Attorney Who Co-Mingled Funds Found to Have Not Fully and Satisfactorily Accounted for the Estate

An attorney is appointed pursuant to an enduring power of attorney, who then has the authority to make financial decisions for the person appointing them. No, an attorney in this case does not need to be a lawyer.

Power of attorney’s often spring into effect when the person who created them lacks capacity.

Further, a person acting as an attorney must keep records, otherwise people may assume they are stealing.

The issue of keeping proper records was at issue in Richter v. Chemerinski, 2020 ABQB 307 where the Court found the attorney for the estate had failed to fully and satisfactorily account for the estate.

The Court held the attorney “was required to account for all use of funds and having failed in that task, an inference can be drawn that he received personal benefits for transactions he cannot properly explain or document.”

In this case, the attorney had conceded he had not maintained proper documentation, and that funds from the estate were co-mingled with his personal funds. The attorney’s sisters alleged that he had engaged in inappropriate actions which included:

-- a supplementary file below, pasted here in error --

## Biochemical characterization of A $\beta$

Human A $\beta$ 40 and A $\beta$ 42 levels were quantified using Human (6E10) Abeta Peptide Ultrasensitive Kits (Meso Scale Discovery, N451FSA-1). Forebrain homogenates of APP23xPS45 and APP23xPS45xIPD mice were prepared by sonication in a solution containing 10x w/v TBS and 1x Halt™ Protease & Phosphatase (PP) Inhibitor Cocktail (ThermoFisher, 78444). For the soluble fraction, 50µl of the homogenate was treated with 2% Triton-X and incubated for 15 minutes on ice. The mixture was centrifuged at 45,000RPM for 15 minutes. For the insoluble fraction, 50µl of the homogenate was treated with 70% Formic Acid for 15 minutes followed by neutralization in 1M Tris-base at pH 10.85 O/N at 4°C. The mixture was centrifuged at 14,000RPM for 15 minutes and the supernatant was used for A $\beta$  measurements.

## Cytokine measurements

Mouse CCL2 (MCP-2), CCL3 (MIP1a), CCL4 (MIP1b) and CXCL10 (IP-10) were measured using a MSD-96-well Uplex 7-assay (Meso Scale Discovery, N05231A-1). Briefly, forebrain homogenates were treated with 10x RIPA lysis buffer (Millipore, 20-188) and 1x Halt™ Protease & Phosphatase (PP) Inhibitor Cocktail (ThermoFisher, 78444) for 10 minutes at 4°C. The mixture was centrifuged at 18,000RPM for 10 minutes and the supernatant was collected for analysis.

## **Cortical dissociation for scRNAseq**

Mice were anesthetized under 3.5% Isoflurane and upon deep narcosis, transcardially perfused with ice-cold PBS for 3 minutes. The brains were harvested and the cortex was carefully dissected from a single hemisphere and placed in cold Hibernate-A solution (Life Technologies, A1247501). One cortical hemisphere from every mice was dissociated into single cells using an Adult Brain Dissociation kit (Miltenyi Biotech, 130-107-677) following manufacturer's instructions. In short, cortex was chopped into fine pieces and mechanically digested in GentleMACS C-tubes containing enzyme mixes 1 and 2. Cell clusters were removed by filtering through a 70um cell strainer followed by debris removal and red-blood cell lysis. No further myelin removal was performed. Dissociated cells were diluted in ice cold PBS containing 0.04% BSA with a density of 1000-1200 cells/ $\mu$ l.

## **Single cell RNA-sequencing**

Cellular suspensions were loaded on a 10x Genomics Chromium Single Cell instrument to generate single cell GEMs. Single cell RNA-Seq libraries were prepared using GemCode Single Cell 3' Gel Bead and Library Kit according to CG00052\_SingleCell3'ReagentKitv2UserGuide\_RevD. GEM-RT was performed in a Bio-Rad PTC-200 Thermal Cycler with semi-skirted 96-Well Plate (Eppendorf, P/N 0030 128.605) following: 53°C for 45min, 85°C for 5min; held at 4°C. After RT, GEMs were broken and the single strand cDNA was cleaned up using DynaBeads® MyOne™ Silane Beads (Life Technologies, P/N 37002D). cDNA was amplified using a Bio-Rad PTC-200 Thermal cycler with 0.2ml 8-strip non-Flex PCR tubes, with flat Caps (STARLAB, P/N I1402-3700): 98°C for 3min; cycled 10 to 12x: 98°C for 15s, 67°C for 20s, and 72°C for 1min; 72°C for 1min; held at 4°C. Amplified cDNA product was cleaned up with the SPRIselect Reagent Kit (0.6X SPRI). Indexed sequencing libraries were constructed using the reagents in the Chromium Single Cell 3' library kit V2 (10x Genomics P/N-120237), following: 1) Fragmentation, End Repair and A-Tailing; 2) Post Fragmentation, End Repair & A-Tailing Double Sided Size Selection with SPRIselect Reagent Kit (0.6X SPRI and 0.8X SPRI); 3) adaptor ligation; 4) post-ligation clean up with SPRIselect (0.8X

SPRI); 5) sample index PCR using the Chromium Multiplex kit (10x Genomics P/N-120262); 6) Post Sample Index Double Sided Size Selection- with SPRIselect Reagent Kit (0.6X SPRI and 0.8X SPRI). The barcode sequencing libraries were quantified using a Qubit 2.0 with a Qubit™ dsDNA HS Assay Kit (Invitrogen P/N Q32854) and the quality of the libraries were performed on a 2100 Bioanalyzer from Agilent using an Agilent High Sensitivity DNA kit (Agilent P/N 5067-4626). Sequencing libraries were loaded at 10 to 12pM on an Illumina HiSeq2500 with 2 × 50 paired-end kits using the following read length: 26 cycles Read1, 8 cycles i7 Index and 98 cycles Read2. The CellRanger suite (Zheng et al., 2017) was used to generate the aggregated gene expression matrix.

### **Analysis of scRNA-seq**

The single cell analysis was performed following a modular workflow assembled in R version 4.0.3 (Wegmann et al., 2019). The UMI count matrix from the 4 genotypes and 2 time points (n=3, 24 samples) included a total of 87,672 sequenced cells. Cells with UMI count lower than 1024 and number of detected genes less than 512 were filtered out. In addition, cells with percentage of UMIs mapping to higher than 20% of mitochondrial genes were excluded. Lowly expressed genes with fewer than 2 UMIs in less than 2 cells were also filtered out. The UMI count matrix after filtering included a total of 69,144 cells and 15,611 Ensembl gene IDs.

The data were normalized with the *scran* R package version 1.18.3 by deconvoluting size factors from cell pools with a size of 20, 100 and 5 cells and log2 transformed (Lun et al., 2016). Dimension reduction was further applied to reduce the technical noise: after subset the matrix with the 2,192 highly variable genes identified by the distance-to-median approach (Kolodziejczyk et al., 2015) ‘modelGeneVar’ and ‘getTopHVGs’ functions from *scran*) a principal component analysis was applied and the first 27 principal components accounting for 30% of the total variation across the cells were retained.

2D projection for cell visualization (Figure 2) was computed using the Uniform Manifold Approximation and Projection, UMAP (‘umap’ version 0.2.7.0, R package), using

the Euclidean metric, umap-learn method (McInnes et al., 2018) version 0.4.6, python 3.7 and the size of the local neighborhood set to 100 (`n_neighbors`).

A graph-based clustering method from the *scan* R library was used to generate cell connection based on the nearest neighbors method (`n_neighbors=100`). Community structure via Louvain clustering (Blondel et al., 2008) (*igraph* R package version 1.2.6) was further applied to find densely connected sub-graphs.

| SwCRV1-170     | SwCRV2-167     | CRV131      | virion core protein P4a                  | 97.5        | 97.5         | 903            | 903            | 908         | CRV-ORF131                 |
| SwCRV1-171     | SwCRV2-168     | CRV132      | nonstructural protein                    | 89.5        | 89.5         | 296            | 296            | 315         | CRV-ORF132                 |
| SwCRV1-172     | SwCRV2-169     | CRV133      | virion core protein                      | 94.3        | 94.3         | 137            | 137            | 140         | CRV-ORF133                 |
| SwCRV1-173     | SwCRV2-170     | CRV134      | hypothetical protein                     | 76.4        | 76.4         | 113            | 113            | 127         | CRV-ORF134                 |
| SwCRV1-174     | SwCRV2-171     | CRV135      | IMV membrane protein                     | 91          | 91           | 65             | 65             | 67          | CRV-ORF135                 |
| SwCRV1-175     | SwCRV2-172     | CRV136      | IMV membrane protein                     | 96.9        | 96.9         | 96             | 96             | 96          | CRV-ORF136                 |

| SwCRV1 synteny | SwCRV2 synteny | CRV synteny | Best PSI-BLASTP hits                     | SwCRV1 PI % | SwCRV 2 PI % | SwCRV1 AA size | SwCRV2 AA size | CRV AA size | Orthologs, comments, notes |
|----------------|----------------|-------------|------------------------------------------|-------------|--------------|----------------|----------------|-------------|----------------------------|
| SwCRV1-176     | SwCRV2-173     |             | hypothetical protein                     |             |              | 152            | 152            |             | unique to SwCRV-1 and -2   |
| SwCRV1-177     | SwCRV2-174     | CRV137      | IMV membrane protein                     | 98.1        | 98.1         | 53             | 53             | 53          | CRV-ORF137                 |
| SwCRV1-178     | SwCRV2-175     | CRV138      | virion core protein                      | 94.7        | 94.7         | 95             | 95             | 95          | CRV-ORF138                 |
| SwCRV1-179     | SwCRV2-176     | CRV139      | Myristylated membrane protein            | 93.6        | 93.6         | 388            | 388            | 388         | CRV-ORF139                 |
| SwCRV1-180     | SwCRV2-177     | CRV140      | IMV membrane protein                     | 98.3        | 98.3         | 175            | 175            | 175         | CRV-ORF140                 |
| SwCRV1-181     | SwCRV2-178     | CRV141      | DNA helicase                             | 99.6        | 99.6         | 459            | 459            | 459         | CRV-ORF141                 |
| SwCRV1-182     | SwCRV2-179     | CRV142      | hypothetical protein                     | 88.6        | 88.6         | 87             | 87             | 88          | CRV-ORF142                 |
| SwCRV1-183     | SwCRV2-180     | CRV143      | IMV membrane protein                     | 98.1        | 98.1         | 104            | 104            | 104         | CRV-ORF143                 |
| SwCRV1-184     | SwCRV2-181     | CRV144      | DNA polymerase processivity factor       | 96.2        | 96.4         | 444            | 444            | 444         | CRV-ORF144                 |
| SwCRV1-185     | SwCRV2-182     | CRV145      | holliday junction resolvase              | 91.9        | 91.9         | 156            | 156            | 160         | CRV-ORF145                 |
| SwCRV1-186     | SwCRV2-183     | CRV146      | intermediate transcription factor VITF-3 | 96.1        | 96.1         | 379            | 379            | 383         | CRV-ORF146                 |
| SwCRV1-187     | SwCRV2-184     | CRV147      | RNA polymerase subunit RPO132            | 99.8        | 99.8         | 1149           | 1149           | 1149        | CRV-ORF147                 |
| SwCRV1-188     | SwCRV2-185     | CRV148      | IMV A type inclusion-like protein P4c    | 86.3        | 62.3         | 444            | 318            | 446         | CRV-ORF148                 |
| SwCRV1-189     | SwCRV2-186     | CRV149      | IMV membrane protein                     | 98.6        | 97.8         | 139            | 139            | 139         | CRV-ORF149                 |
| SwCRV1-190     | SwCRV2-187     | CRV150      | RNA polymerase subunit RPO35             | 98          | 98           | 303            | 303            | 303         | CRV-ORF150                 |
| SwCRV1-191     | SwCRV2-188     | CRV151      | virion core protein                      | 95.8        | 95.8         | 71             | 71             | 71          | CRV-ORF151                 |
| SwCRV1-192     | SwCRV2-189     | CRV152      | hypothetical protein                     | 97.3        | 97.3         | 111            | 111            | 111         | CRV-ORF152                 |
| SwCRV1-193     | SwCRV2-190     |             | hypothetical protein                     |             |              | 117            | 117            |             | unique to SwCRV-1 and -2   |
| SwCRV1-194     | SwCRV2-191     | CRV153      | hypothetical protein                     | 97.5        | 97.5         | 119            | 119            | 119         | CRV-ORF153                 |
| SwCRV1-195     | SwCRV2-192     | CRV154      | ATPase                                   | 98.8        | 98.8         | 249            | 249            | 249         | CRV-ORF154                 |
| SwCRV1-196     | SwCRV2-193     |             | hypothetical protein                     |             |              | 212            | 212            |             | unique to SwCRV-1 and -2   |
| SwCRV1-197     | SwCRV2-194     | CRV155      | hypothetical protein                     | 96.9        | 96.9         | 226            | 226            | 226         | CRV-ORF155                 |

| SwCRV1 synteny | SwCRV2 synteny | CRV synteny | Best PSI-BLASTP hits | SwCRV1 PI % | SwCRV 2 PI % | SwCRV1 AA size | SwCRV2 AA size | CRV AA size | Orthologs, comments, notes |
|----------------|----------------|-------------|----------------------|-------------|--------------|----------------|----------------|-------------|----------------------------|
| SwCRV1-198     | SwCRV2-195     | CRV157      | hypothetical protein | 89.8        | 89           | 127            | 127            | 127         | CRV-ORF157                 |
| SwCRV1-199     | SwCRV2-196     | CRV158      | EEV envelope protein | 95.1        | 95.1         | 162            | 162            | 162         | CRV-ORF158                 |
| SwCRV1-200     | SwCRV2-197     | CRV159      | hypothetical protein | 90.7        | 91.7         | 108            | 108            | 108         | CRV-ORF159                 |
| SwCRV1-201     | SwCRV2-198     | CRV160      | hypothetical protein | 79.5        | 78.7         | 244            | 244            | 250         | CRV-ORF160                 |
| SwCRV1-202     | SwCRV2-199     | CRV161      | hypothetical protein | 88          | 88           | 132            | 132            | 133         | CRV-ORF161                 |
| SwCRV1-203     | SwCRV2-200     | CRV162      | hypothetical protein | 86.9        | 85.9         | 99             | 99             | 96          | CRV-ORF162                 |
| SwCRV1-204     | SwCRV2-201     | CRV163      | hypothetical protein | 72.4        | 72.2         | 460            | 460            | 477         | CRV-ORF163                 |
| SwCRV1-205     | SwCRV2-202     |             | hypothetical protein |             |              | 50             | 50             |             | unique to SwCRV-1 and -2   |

• Paying municipal taxes on all of the land, including his solely owned land, from the Joint Savings Account;
  • Potentially using some of the ATM withdrawals from the Joint Savings Account, of $28,147, for his personal benefit;
  • Potentially paying for the spraying of his solely owned lands with funds from the Joint Savings Account;
  • Paying the account of the court reporter dated March 23, 2009, in the arbitration in the amount of $2,163 out of the Joint Savings Account even though he was ordered by Justice Veit on June 30, 2011, to pay it personally;
  • Paying an invoice in the amount of $5,663.73 from the Joint Savings Account in October 2008 for servicing of a tractor that he sold to himself in 2003; and,
  • Using Anne’s equipment on his own land without compensation in reliance on the Compensation Agreement.

As a result of these actions, the Court further denied the attorney’s application to pass accounts, held the attorney had breached his fiduciary duty, had misappropriate assets, was not entitled to compensation for acting as attorney, and was ordered to pay the estate $413,132.94.

This case serves as a recent iteration of several important points:

  1. An attorney must keep proper accounts;
  2. An attorney requires approval from the Court to receive fees; and
  3. An attorney may not use money for themselves.
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